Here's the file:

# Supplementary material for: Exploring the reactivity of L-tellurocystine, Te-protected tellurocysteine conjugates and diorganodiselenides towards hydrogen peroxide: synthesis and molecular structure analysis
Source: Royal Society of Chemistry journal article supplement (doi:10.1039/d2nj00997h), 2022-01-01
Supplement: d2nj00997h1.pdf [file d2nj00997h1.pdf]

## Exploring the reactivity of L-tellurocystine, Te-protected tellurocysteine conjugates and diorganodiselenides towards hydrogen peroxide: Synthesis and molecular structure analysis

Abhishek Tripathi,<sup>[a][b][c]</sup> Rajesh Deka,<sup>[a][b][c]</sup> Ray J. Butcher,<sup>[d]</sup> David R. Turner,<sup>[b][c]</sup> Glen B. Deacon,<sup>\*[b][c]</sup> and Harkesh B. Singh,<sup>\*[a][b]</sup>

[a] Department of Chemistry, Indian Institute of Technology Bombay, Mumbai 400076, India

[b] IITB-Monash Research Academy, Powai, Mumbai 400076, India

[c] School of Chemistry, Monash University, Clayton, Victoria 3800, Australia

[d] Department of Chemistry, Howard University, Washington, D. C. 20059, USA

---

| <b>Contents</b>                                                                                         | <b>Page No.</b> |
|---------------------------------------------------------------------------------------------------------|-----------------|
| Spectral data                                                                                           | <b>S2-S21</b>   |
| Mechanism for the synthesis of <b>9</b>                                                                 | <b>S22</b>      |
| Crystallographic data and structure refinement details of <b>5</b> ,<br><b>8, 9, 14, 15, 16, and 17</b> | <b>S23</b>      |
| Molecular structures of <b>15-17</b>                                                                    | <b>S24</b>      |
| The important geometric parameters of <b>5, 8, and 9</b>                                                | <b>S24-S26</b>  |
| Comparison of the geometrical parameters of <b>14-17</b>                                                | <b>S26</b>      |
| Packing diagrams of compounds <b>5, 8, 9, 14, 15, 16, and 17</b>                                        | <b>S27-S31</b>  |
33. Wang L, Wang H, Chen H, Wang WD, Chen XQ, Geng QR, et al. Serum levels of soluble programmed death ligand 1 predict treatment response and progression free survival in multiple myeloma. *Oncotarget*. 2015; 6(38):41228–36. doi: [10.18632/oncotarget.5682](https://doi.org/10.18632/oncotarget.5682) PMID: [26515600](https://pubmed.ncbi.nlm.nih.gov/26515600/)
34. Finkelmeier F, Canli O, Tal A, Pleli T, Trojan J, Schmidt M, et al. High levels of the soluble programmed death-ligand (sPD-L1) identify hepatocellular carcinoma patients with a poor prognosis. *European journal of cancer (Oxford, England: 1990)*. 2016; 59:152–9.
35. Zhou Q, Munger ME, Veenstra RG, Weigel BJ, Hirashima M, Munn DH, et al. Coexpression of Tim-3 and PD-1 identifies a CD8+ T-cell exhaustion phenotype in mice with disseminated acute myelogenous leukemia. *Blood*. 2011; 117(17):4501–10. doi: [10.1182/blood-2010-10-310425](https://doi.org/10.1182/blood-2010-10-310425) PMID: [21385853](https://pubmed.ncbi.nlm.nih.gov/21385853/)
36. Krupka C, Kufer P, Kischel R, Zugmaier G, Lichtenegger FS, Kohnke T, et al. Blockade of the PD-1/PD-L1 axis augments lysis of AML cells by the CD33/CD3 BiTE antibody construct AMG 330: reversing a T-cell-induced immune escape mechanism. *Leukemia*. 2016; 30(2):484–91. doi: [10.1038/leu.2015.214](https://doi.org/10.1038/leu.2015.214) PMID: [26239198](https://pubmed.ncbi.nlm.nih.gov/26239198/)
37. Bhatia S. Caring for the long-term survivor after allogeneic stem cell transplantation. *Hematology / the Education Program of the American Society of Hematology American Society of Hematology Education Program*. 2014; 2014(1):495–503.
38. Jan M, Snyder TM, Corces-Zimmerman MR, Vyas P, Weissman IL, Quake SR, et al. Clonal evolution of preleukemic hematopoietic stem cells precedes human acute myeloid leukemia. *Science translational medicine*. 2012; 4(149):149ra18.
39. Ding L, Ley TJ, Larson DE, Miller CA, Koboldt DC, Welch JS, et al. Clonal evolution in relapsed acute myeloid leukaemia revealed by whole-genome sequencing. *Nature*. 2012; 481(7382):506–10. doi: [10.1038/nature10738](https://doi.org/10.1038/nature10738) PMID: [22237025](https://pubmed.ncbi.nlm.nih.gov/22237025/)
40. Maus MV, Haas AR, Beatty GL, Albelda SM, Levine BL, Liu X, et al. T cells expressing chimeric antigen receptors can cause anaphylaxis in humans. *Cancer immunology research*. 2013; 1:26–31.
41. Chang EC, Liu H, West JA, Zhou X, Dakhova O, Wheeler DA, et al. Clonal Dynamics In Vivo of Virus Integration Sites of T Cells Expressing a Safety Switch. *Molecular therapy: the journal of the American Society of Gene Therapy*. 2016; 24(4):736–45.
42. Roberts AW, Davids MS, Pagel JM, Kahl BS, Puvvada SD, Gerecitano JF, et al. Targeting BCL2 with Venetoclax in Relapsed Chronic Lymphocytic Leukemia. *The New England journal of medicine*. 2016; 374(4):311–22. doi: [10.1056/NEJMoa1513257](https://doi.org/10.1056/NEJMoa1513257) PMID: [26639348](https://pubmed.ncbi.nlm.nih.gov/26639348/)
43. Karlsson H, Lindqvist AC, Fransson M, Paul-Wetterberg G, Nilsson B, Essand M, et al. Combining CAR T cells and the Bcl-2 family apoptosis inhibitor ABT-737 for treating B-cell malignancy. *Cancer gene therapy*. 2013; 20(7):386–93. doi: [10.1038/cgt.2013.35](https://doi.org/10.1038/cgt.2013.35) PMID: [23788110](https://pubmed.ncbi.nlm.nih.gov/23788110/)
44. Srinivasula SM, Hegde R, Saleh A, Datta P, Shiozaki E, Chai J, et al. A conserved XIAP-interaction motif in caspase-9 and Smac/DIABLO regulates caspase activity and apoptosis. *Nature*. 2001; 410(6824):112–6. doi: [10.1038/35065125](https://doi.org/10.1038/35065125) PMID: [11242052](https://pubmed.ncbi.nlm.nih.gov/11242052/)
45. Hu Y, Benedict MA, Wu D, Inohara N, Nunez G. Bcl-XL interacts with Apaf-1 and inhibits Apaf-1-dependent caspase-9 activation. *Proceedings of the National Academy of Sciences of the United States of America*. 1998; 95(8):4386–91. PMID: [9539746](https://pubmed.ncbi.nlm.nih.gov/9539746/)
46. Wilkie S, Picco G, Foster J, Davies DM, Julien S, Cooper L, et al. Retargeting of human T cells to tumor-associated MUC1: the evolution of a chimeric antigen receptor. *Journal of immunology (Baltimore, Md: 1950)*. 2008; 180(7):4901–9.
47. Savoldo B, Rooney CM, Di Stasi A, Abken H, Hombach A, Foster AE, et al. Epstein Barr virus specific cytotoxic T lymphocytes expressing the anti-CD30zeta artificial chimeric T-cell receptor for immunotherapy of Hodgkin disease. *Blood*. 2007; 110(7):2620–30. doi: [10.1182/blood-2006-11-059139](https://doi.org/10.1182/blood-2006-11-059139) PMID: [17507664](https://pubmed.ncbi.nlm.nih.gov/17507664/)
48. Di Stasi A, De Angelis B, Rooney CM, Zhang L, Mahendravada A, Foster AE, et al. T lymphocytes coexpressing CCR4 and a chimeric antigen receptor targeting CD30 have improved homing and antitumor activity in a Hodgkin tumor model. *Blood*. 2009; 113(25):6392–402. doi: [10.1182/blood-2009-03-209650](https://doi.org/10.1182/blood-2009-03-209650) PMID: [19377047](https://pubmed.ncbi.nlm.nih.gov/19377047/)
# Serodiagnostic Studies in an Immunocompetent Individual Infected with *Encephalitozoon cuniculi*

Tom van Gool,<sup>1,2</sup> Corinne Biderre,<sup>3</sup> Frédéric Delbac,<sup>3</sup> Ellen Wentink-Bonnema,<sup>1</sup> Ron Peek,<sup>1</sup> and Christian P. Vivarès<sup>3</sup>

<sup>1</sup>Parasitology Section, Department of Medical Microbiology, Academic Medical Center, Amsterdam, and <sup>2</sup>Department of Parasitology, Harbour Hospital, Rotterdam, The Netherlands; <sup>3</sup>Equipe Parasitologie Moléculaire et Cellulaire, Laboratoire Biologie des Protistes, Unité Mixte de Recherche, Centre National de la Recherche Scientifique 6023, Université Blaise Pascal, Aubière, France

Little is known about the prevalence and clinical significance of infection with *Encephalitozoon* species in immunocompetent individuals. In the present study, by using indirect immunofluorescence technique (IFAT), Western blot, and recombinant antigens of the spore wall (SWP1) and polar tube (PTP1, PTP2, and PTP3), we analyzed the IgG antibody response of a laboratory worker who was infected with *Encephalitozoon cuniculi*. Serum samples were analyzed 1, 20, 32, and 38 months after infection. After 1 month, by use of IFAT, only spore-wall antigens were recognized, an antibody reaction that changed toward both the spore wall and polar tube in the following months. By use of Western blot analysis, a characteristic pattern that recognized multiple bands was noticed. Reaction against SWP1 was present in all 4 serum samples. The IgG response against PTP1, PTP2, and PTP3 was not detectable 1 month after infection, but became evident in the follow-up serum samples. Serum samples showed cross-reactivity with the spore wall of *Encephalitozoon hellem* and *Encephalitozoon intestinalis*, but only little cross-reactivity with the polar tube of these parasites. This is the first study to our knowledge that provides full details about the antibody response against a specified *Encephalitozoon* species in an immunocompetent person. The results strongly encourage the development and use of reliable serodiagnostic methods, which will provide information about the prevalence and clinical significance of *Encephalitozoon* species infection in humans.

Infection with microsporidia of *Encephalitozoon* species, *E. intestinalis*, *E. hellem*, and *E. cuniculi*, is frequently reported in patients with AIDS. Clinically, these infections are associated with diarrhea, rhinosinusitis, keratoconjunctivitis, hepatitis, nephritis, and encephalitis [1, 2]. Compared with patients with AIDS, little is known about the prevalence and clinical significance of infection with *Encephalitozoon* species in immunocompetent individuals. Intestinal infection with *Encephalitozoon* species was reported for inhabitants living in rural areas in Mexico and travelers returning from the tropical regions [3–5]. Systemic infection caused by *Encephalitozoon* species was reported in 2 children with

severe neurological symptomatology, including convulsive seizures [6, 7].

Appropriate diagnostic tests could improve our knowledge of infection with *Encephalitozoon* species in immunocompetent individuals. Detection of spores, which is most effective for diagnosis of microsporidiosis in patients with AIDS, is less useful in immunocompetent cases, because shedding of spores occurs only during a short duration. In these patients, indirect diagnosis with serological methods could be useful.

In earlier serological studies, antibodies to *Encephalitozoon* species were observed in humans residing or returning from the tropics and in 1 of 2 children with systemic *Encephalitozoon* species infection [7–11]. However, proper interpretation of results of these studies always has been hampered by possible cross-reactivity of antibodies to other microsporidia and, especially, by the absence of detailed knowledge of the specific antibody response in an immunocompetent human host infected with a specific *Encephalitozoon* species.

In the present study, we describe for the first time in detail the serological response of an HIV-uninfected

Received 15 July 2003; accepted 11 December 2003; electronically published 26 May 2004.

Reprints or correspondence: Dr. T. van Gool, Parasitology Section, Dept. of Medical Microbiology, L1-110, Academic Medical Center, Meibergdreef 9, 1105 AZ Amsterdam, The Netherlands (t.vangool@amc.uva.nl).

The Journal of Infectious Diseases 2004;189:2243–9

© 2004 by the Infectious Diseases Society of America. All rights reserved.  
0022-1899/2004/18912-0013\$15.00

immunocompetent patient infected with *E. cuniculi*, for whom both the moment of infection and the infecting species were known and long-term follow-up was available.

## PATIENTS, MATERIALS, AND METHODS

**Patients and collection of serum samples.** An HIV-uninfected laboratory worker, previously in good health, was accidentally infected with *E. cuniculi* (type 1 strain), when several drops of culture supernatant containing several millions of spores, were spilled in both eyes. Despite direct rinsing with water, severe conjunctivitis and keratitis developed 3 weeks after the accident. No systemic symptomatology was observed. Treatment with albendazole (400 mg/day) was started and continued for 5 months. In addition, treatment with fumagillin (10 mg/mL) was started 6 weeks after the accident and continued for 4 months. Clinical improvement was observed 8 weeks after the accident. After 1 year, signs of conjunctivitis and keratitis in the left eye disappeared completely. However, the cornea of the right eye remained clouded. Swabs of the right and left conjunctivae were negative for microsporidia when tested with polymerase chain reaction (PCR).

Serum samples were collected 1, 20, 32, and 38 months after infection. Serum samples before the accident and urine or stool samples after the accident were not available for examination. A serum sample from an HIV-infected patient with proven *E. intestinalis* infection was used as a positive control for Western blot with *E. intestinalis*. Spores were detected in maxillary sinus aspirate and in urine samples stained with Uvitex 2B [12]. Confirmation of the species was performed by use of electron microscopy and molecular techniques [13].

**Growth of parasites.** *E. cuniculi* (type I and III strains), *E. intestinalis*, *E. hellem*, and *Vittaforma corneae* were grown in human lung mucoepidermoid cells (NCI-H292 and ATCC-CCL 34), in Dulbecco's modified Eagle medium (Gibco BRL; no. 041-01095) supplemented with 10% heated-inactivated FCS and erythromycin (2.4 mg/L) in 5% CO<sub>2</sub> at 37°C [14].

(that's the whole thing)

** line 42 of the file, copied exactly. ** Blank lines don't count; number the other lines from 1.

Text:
Appropriate diagnostic tests could improve our knowledge of infection with *Encephalitozoon* species in immunocompetent individuals. Detection of spores, which is most effective for diagnosis of microsporidiosis in patients with AIDS, is less useful in immunocompetent cases, because shedding of spores occurs only during a short duration. In these patients, indirect diagnosis with serological methods could be useful.